UN climate change chief urges alma mater to divest from fossil fuels

Swarthmore College has an estimated $139 million in fossil fuel holdings

By Moushumi Sharma
Published: Wednesday 25 March 2015

Swarthmore College also has holdings in 200 coal, oil and gas companies across the US (Photo: Swarthmore.edu)

It is a known fact that the burning of fossil fuels contributes significantly to global warming. World leaders have, time and again, congregated at international climate summits to speak against the use of fossil fuels and to arrive at practical solutions to save the planet from the devastating effects of climate change. Now, in a bold move, the United Nations climate chief, Christiana Figueres, has made an urgent appeal to her alma mater, Swarthmore College in Pennsylvania, US, to withdraw from fossil fuels as part of a campus divestment campaign.

Figueres, who heads the UN agency guiding international climate negotiations, wrote a letter to the college administration. “History is calling all of us to smoothly usher in the next phase of global economic development. Swarthmore cannot determine the pathway of global investments, but it can protect its endowments and play its part in history,” it says.

Figueres graduated from Swarthmore in 1979. According to a report of The Guardian, her intervention provides an important boost to a campus divestment campaign, which has seen many of the institution’s students protesting, demanding it to withdraw from fossil fuels. Currently, Swarthmore has an estimated $139 million in fossil fuel holdings. It also has holdings in at least 200 publicly traded coal, oil and gas companies in the US.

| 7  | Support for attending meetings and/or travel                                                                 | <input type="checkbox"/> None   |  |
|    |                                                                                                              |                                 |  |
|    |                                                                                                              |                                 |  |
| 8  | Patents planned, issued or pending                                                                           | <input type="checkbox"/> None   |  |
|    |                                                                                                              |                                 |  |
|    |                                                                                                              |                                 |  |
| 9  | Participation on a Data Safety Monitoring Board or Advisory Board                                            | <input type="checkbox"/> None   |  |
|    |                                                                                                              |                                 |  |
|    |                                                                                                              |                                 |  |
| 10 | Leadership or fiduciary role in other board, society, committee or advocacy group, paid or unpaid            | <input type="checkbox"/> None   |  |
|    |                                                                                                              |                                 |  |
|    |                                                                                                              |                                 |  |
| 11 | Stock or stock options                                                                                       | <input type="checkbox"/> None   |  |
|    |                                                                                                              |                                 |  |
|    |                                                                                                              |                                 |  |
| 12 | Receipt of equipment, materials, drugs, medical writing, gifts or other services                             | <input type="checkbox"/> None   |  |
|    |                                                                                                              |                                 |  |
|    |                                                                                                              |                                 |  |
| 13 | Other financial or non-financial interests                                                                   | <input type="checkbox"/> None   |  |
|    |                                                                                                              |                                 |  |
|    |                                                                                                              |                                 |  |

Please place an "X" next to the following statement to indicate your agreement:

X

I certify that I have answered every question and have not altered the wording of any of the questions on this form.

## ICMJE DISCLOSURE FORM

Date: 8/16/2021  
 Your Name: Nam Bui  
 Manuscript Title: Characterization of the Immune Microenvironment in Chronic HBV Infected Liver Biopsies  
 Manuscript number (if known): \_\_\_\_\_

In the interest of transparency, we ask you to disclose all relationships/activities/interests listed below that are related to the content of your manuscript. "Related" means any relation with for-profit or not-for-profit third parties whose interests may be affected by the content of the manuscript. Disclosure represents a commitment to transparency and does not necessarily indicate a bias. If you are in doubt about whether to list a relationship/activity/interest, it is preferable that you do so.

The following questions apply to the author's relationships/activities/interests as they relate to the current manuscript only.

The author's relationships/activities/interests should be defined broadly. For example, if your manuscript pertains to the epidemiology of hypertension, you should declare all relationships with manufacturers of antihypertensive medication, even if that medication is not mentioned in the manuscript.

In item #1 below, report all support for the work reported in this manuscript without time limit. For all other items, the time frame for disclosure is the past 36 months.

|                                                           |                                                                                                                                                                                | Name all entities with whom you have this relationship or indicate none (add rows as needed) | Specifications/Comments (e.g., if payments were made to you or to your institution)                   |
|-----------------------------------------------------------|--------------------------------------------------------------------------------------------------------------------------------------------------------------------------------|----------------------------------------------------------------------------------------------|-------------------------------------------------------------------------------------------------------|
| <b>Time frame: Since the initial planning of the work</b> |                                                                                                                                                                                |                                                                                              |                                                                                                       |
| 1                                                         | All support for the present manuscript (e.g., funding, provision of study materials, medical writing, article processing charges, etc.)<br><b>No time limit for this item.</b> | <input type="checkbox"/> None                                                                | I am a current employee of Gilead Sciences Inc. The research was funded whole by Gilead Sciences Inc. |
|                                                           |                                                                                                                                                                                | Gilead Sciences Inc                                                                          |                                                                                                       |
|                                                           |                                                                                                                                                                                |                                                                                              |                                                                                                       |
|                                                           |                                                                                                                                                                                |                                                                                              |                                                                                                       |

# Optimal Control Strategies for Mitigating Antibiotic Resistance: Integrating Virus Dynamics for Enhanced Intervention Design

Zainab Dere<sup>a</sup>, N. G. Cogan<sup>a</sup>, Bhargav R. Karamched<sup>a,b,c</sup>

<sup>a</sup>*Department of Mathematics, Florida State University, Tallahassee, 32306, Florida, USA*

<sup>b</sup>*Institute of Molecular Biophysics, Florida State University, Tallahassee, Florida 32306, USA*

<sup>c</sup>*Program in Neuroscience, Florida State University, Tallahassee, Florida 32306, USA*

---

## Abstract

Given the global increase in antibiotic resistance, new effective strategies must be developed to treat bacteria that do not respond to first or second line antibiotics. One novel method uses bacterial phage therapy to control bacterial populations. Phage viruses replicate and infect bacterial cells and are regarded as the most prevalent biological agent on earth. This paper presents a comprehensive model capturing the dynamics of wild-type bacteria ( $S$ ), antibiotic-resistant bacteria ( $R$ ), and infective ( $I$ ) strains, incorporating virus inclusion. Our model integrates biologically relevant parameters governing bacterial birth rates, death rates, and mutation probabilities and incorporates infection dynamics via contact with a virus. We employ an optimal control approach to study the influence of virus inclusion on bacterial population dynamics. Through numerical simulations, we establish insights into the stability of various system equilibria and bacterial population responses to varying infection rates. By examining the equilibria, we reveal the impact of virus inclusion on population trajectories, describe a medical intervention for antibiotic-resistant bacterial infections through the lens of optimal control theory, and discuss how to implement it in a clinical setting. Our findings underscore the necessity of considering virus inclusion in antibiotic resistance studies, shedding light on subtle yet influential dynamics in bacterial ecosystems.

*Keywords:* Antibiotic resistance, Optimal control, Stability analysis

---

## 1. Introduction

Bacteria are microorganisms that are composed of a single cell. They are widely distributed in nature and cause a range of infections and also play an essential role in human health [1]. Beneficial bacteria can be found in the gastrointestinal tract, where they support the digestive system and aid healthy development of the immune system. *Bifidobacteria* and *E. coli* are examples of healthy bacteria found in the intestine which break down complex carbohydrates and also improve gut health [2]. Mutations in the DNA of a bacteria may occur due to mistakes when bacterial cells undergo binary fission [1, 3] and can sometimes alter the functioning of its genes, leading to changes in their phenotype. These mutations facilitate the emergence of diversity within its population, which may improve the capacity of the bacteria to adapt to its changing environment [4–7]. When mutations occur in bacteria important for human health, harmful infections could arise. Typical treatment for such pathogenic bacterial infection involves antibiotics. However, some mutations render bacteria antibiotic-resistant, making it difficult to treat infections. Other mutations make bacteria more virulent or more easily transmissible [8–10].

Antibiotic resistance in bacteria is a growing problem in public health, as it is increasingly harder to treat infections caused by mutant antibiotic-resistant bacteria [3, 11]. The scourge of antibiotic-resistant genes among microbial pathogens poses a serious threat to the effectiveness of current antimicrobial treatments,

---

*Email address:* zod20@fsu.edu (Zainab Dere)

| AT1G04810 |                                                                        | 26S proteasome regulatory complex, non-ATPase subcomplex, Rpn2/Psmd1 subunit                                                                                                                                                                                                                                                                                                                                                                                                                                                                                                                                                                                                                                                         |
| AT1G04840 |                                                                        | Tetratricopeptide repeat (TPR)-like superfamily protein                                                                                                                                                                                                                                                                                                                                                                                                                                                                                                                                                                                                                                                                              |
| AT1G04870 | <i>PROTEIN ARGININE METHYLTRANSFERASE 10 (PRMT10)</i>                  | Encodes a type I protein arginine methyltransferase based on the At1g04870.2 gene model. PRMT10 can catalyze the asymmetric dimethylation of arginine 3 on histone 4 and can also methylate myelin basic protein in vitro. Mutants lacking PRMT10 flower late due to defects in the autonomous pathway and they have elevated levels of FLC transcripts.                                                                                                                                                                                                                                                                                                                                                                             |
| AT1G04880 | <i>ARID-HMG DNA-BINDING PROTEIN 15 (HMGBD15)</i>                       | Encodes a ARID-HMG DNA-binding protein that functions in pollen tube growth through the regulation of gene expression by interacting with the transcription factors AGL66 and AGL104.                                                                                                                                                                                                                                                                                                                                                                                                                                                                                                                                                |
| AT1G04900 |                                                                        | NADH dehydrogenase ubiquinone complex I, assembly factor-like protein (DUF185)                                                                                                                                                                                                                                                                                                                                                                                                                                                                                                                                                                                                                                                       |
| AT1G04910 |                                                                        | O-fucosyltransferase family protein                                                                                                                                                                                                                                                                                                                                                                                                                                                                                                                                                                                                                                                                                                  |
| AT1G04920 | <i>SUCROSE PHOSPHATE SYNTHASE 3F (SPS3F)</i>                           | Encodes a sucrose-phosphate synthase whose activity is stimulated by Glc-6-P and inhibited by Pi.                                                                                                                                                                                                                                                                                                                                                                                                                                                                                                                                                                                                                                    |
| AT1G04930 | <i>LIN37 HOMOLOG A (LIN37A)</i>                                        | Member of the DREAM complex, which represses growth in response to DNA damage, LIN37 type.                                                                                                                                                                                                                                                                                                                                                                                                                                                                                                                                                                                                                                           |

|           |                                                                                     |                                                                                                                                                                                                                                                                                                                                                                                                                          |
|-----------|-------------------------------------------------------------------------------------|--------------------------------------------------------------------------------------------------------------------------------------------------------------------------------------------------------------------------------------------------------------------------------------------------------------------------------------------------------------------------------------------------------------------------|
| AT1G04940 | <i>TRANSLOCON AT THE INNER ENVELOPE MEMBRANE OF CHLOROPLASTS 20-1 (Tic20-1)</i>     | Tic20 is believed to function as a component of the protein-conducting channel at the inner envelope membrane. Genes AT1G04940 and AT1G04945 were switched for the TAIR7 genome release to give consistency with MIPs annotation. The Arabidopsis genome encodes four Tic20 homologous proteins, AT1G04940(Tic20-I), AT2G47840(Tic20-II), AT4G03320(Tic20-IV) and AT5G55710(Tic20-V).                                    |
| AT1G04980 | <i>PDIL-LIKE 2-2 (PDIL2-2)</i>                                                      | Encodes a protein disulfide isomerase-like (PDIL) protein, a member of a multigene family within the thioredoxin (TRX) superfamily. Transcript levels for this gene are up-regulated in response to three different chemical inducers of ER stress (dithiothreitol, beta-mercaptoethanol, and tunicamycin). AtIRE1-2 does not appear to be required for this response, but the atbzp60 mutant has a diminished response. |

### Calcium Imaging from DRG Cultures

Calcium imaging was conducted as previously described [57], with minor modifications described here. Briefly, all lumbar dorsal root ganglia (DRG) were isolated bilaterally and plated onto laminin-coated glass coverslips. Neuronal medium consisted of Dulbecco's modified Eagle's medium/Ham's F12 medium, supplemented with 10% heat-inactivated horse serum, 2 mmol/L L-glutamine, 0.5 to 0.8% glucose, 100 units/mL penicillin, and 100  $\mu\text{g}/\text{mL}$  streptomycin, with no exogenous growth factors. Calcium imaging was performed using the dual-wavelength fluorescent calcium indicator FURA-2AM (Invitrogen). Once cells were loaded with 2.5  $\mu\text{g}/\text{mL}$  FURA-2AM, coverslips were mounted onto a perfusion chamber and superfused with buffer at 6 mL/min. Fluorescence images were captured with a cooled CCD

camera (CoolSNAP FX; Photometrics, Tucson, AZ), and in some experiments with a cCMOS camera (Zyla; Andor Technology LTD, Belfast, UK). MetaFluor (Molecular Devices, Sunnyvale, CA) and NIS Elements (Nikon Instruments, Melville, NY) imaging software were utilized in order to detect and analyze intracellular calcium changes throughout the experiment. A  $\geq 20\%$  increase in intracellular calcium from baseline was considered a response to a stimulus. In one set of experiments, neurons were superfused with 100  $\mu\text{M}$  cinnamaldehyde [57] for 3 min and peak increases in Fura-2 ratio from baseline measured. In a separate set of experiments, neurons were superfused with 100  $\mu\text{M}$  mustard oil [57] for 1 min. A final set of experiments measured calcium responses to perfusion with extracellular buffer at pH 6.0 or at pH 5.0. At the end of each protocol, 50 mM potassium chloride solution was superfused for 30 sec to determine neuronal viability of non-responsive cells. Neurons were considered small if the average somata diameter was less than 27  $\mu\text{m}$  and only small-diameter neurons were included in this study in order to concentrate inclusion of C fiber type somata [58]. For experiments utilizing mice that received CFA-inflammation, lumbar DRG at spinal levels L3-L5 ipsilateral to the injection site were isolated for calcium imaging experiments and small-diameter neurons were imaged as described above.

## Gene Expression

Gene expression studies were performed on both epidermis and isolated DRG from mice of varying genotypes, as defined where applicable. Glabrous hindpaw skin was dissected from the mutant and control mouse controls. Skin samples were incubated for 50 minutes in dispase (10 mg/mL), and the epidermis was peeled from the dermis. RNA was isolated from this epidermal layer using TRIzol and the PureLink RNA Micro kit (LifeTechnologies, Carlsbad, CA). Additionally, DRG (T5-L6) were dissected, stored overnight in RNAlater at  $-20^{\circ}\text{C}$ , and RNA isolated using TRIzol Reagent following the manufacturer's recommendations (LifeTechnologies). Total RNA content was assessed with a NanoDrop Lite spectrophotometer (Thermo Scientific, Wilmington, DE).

In the three-page letter, Figueres echoes the view of the campaigners that the institution has a “moral imperative” to quit the companies responsible for climate change. “The thought that one institution’s small investment level is inconsequential is analogous to the dangerous sentiment that in the context of a democratic system one vote is irrelevant because a single person does not affect change. Or, in the context of an academic institution, it is analogous to the unacceptable belief that the education of one student is unimportant because a single person does not affect change,” she writes.

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